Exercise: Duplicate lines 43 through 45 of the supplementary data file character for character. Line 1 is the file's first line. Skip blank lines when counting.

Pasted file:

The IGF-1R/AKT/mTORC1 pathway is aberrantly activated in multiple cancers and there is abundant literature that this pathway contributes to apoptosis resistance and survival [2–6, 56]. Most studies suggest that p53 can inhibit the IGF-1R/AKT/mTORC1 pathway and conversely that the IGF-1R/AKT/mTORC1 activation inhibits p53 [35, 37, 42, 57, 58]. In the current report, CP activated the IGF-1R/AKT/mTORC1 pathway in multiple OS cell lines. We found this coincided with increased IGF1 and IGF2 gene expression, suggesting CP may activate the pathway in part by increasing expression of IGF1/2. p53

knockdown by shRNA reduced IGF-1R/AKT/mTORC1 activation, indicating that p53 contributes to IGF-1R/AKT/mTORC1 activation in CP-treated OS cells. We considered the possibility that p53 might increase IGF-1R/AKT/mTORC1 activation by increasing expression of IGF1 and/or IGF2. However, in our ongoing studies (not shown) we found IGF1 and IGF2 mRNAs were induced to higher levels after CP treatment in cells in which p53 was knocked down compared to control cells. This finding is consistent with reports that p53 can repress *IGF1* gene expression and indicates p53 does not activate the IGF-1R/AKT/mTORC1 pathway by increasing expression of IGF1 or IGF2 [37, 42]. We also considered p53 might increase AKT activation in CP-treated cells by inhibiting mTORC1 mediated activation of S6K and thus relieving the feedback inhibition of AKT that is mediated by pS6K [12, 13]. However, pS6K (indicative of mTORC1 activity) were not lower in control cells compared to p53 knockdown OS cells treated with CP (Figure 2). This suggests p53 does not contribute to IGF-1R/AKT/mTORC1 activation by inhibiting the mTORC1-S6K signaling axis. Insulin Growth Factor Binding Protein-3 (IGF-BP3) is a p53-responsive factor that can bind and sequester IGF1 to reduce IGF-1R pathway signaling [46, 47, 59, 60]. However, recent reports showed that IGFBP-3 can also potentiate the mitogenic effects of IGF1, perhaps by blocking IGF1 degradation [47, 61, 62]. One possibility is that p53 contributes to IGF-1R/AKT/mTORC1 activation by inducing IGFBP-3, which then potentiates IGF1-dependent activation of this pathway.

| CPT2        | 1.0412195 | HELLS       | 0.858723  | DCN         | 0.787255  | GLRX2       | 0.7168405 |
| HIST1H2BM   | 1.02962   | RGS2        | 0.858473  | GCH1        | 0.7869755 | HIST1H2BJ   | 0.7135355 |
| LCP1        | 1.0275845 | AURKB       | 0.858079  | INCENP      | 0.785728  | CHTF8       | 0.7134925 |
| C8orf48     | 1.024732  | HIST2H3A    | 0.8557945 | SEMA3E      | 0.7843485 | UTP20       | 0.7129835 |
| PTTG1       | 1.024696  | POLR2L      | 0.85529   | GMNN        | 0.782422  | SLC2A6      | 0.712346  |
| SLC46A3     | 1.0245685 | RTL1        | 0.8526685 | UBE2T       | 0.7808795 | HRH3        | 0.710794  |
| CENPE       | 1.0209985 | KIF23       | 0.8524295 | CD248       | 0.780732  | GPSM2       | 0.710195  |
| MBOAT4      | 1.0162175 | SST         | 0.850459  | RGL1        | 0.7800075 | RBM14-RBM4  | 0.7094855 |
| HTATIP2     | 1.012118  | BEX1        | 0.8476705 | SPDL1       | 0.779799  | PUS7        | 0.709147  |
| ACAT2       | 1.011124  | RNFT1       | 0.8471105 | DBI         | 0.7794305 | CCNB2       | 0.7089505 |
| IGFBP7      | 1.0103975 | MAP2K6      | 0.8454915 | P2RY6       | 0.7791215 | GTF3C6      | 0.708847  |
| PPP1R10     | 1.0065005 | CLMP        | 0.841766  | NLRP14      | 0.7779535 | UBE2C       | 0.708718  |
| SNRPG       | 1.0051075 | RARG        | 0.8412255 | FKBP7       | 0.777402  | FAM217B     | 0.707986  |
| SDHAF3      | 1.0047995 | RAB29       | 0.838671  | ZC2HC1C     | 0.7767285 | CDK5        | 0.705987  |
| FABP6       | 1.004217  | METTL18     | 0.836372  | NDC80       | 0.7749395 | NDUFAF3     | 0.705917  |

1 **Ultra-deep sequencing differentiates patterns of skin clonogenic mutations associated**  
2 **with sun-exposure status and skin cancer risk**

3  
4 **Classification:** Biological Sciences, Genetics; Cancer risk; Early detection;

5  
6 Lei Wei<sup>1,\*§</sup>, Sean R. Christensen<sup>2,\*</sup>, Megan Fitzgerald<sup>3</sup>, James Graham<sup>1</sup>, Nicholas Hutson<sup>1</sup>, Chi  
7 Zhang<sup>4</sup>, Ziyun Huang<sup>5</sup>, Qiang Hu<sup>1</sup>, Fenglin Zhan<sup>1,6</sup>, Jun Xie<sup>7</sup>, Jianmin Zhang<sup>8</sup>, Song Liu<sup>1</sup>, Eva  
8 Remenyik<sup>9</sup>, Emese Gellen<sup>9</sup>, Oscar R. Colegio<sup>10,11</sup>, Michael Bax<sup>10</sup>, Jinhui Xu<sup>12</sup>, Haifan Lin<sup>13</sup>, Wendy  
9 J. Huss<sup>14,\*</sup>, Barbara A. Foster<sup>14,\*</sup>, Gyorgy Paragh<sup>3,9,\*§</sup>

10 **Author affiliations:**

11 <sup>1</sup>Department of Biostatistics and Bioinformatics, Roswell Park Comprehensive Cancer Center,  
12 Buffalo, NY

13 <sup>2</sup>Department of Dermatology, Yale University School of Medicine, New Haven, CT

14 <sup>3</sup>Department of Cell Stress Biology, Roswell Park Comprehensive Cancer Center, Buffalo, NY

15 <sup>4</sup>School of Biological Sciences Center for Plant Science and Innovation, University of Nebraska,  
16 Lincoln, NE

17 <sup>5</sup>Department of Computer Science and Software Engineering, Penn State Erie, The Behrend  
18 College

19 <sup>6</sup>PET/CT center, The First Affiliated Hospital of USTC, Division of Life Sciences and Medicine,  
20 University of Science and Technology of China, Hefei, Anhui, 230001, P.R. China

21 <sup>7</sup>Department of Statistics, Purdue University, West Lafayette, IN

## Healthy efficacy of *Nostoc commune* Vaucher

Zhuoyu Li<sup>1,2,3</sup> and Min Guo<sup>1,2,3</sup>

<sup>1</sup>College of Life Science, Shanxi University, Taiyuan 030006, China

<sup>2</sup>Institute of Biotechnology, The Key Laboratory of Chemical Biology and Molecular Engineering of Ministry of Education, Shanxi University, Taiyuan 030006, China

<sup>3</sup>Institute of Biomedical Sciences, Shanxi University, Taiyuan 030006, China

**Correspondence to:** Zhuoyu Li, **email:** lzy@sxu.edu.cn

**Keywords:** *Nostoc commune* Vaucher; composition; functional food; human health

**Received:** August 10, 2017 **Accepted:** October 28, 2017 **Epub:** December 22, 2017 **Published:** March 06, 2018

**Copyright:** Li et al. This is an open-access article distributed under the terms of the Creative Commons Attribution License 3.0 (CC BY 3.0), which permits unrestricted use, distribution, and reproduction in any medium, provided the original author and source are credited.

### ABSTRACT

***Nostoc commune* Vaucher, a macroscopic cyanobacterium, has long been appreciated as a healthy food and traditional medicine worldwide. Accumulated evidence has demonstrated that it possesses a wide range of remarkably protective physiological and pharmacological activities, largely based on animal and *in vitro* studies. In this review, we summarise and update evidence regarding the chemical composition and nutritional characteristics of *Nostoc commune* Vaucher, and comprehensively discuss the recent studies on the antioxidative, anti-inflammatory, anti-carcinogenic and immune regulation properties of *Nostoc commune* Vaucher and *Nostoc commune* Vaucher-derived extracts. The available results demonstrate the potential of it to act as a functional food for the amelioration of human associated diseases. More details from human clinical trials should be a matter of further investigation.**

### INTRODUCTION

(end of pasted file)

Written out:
<sup>3</sup>Institute of Biomedical Sciences, Shanxi University, Taiyuan 030006, China

**Correspondence to:** Zhuoyu Li, **email:** lzy@sxu.edu.cn

**Keywords:** *Nostoc commune* Vaucher; composition; functional food; human health